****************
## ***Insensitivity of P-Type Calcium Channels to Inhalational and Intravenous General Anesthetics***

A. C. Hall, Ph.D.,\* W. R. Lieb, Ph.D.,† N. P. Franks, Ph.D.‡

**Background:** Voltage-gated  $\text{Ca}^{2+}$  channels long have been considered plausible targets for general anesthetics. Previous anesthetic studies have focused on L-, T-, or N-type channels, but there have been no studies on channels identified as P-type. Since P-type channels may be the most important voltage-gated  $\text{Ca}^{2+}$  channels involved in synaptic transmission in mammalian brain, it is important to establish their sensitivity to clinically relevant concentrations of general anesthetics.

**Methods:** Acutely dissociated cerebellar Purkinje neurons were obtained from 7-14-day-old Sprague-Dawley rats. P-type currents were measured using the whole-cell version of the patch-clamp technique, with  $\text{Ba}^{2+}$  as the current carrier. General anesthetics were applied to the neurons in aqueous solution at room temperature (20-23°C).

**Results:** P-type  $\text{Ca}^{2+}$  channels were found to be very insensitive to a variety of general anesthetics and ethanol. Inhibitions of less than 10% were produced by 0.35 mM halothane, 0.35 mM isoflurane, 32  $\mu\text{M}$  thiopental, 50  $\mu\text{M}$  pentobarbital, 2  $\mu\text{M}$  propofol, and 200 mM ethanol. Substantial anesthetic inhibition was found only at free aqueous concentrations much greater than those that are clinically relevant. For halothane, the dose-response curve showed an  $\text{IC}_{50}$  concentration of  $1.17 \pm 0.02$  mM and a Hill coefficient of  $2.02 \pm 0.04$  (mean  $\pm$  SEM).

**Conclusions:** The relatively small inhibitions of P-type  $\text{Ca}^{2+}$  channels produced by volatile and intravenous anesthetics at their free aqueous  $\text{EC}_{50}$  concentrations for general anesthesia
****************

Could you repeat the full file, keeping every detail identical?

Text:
## ***Insensitivity of P-Type Calcium Channels to Inhalational and Intravenous General Anesthetics***

A. C. Hall, Ph.D.,\* W. R. Lieb, Ph.D.,† N. P. Franks, Ph.D.‡

**Background:** Voltage-gated  $\text{Ca}^{2+}$  channels long have been considered plausible targets for general anesthetics. Previous anesthetic studies have focused on L-, T-, or N-type channels, but there have been no studies on channels identified as P-type. Since P-type channels may be the most important voltage-gated  $\text{Ca}^{2+}$  channels involved in synaptic transmission in mammalian brain, it is important to establish their sensitivity to clinically relevant concentrations of general anesthetics.

**Methods:** Acutely dissociated cerebellar Purkinje neurons were obtained from 7-14-day-old Sprague-Dawley rats. P-type currents were measured using the whole-cell version of the patch-clamp technique, with  $\text{Ba}^{2+}$  as the current carrier. General anesthetics were applied to the neurons in aqueous solution at room temperature (20-23°C).

**Results:** P-type  $\text{Ca}^{2+}$  channels were found to be very insensitive to a variety of general anesthetics and ethanol. Inhibitions of less than 10% were produced by 0.35 mM halothane, 0.35 mM isoflurane, 32  $\mu\text{M}$  thiopental, 50  $\mu\text{M}$  pentobarbital, 2  $\mu\text{M}$  propofol, and 200 mM ethanol. Substantial anesthetic inhibition was found only at free aqueous concentrations much greater than those that are clinically relevant. For halothane, the dose-response curve showed an  $\text{IC}_{50}$  concentration of  $1.17 \pm 0.02$  mM and a Hill coefficient of  $2.02 \pm 0.04$  (mean  $\pm$  SEM).

**Conclusions:** The relatively small inhibitions of P-type  $\text{Ca}^{2+}$  channels produced by volatile and intravenous anesthetics at their free aqueous  $\text{EC}_{50}$  concentrations for general anesthesia